Mr Teboho Maruping, Commissioner: Unemployment Insurance Fund (UIF), assured members that the UIF Fund was dealing with its performance information and they had conducted an internal audit to this end. All the targets for Quarter 1 were deemed satisfactory by the internal audit. There are three areas of concern that the internal audit raised. One of these was misalignment between the two systems used to process claims.
The UIF Fund has also subjected its Quarter 1 performance report to a risk assessment to identify any risk of targets not being met and the implications of that risk. This aspect of the report will be available in the Quarter 2 report. The comparative analysis of 2018/19 Q1 and 2019/20 Q1 shows that the UIF has achieved 73% of its strategic objectives which constitutes a 10% increase. The UIF intends to continue on this trajectory of improving.
There are four areas where the UIF has missed targets. One is the percentage of valid invoices paid within 30 calendar days of receipt. One of the 484 invoices received was paid after 36 days. The vacancy rate target was below 10% and it was actually 11% in Quarter 1. The aim is to get to below 5% and the UIF is currently at 8% for Quarter 2. Another missed target was finalizing requirements of SAP Release 1 of the Integrated claims Management System. The last target missed was percentage of new companies registered within 1 working day which was targeted at 95% and performed at 93%. Quarter 2 will show that this gap has also been closed.
The target for valid UIF claims with complete information approved or rejected was 90% within 15 working days. Last year the UIF achieved 91% and it improved in Quarter 1 to 93%. There are areas where the performance is not satisfactory, a good example being Limpopo. One of the interventions is to have a rapid response team in each province. Gauteng province has the best rapid response team in the country, as even though they are the highest volume drivers they are sitting at 98% for Quarter 1. This team will be sent to Limpopo to do investigative work and support the Limpopo team to improve their performance. Another area being watched closely is the head office which has been facing challenges with the online platform.
The target for valid in-service benefits; maternity; illness; and adoption benefits claims with complete information approved or rejected was 90% within ten working days. Last year in Quarter 1 the UIF achieved 89% and it increased to 93% in this Q1. The percentage of valid deceased benefit claims was targeted at 90% within 20 working days. The UIF improved by 8% from Q1 last year to 95% achievement in the current Q1.
Last year in Quarter 1 the UIF paid R2.7 billion in claims and the current Q1 shows R3.6 billion in claims has been paid due to improved benefits introduced in the UIF Amendment Act.
The UIF is underspending on programme 1 (26%) because of the enhancements of the system. Programme 2 shows great improvement at 137% of the budget spent owing to the improved benefits currently being implemented. The reason for the overspending is the budget was approved last year and has since been revised for the Amendment Act.
In Quarter 1 the UIF did not perform in terms of the labour activation programme. Quarter 2 will show improvement on this 4% because of the funding agreements currently being implemented in the UIF.
88% of the compensation of employees budget has been spent, which also reflects the vacancy rate alluded to earlier in the presentation. The UIF is looking at this closely and is confident that there will be improvement in Quarter 2. 37% of the goods and services budget has been spent. This unspent budget is linked to maintenance of systems and so with the current implementation plans, the UIF is expecting improvement in the second quarter. 126% of the transfers budget has been spent, showing that the UIF is overspending on benefits and labour activation. The revised budget will come into effect in Quarter 3 and this should be resolved.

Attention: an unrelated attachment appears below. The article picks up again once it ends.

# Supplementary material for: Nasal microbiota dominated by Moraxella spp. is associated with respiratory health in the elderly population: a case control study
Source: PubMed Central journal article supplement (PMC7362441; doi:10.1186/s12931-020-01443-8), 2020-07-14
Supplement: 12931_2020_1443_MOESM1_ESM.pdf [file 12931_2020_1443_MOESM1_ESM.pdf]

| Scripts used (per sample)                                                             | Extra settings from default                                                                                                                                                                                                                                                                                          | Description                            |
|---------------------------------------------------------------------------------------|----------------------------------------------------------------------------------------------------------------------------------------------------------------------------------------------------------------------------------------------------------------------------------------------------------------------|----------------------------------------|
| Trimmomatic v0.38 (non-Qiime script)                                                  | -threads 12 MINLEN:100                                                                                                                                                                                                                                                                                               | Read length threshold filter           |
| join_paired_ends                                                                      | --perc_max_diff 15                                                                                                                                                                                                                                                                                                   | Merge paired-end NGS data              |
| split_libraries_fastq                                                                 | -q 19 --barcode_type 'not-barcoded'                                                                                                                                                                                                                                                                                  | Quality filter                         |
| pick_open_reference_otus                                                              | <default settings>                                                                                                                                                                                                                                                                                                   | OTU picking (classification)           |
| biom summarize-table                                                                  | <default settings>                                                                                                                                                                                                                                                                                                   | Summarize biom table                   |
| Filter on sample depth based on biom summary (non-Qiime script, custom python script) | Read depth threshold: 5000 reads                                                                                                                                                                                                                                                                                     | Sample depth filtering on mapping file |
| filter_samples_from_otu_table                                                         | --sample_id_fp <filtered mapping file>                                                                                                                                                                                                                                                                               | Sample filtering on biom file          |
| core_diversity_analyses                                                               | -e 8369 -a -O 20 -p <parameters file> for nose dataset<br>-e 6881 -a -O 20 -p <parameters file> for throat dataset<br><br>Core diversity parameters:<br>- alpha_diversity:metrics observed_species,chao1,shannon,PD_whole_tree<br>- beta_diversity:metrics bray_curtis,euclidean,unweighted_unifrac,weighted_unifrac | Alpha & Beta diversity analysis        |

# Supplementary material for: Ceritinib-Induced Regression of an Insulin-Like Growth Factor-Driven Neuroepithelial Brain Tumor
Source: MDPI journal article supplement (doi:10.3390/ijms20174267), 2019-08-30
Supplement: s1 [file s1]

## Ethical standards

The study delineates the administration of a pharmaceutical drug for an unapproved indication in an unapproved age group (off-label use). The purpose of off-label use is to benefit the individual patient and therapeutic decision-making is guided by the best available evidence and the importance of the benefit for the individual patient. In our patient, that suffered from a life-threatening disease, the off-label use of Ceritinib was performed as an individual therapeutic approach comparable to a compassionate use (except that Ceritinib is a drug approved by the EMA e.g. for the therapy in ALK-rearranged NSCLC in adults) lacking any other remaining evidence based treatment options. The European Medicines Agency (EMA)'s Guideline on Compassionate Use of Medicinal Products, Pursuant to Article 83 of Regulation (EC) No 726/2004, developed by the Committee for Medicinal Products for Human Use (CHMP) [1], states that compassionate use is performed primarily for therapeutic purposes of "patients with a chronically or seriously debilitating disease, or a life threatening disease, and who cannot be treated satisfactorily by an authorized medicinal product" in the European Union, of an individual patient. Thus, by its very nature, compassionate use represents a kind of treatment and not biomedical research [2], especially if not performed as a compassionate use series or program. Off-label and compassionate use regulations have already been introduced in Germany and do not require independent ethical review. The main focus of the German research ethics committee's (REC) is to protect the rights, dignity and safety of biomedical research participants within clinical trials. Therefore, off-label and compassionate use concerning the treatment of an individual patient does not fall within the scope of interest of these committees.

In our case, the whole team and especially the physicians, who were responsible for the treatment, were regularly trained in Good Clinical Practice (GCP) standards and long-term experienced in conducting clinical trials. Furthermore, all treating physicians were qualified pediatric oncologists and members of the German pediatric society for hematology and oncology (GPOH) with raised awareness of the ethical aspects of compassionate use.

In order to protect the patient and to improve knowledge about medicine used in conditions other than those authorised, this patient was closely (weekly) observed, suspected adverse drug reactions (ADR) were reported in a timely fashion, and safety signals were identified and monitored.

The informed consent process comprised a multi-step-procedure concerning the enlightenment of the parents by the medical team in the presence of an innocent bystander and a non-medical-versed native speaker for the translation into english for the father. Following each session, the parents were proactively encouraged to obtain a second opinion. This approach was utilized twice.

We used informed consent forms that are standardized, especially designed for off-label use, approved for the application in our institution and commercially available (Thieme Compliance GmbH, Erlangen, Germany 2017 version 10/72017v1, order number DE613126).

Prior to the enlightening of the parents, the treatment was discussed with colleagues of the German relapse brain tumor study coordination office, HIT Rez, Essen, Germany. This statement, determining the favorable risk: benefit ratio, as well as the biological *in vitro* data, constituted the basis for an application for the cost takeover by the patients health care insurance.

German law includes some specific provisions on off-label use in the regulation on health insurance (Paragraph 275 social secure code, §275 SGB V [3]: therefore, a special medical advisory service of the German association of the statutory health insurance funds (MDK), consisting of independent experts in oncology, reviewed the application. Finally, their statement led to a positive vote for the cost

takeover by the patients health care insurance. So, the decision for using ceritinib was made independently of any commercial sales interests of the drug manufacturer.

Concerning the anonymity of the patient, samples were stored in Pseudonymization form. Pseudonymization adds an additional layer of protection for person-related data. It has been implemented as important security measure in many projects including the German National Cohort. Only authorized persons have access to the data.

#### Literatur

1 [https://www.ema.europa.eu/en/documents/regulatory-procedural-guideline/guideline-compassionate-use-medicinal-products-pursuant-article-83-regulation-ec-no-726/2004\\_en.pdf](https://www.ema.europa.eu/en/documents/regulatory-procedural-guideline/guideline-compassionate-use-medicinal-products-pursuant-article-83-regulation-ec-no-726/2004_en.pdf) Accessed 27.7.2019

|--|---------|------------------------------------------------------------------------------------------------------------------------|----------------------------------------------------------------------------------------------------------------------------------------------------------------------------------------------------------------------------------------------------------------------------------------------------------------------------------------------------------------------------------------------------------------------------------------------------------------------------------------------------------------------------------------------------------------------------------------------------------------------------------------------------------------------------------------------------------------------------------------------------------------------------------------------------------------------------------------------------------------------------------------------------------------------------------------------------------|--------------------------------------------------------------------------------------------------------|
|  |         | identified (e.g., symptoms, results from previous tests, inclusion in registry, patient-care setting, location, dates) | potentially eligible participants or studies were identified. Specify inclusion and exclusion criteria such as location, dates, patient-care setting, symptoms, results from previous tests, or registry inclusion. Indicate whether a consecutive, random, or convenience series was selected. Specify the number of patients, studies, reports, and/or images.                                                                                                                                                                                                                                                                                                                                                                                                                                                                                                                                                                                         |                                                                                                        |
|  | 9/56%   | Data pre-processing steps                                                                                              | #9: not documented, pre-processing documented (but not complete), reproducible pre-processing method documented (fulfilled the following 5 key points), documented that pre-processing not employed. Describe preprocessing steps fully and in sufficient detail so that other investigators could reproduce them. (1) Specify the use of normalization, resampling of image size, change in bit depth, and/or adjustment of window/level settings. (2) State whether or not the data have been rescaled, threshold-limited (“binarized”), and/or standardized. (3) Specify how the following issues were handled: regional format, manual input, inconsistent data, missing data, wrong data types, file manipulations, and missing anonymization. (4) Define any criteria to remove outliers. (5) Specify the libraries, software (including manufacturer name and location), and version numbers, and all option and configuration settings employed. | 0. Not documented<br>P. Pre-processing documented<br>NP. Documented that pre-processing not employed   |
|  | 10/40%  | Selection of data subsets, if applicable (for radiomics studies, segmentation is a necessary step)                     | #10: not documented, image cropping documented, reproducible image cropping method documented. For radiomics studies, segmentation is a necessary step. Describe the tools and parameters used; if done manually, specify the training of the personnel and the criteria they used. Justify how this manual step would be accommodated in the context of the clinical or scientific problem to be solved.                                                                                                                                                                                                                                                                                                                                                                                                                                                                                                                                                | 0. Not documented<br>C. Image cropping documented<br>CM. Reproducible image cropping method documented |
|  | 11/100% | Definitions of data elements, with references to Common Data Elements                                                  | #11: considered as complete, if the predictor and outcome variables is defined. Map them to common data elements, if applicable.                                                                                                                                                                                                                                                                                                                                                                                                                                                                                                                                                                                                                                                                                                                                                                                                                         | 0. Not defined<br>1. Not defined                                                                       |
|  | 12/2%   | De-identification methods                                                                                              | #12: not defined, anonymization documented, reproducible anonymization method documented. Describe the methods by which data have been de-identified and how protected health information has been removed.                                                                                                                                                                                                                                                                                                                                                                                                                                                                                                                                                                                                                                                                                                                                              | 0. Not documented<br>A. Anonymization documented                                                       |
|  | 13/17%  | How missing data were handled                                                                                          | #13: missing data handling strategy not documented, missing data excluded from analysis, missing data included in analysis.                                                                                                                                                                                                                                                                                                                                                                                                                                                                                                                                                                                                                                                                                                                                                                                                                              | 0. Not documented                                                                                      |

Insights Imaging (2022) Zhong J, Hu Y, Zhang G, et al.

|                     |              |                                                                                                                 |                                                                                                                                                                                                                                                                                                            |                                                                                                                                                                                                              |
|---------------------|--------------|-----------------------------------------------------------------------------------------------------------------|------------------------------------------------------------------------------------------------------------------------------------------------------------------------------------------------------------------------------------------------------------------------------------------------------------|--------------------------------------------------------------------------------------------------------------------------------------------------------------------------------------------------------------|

In total, of the R4.12 billion budgeted, 104% was spent with the overspending largely caused by the Amendment Act.
The DG continued with the presentation from slide 37, showing the strategic risk register. As at Quarter 1 the UIF put in place an intervention. The impact of this will be more visible in Quarter 2.
The Audit Action Plan was discussed in the previous meeting. The UIF has now set up a clean audit committee led by the COO to ensure that on a monthly basis, there is direct focus and attention on the 2018/19 audit findings to improve the audit opinion.
The Q1 outlines the disruptors from slide 47. The main objective of these disruptors is to improve the strategic risk areas identified. One example of the disruptors is the queue management system which have been rolled out to 112 sites to manage long queues at the labour centres and improve reporting. Another example is the UIF App and USSD which is finalised for the provision of multiple channels for clients to access UIF services in the comfort of their own space.
One of the disruptors not mentioned in the presentation is the programme of mobile buses which have been approved. Their objective is to allow to go to rural areas to provide services there as an intervention to address a strategic risk on service delivery.
Labour Activation Programme (LAP) briefing
The UIF Commissioner spoke about an exit strategy for the unemployed. The UIF picked one project it is running for discussion. The training programmes that the UIF has engaged with involving 2161 learners at a cost of just over R100 million. The training programmes vary from mixed farming; cooking/catering; hair, beauty and nail technology; game farming; property valuing and assessing; performing arts; and building and civil construction.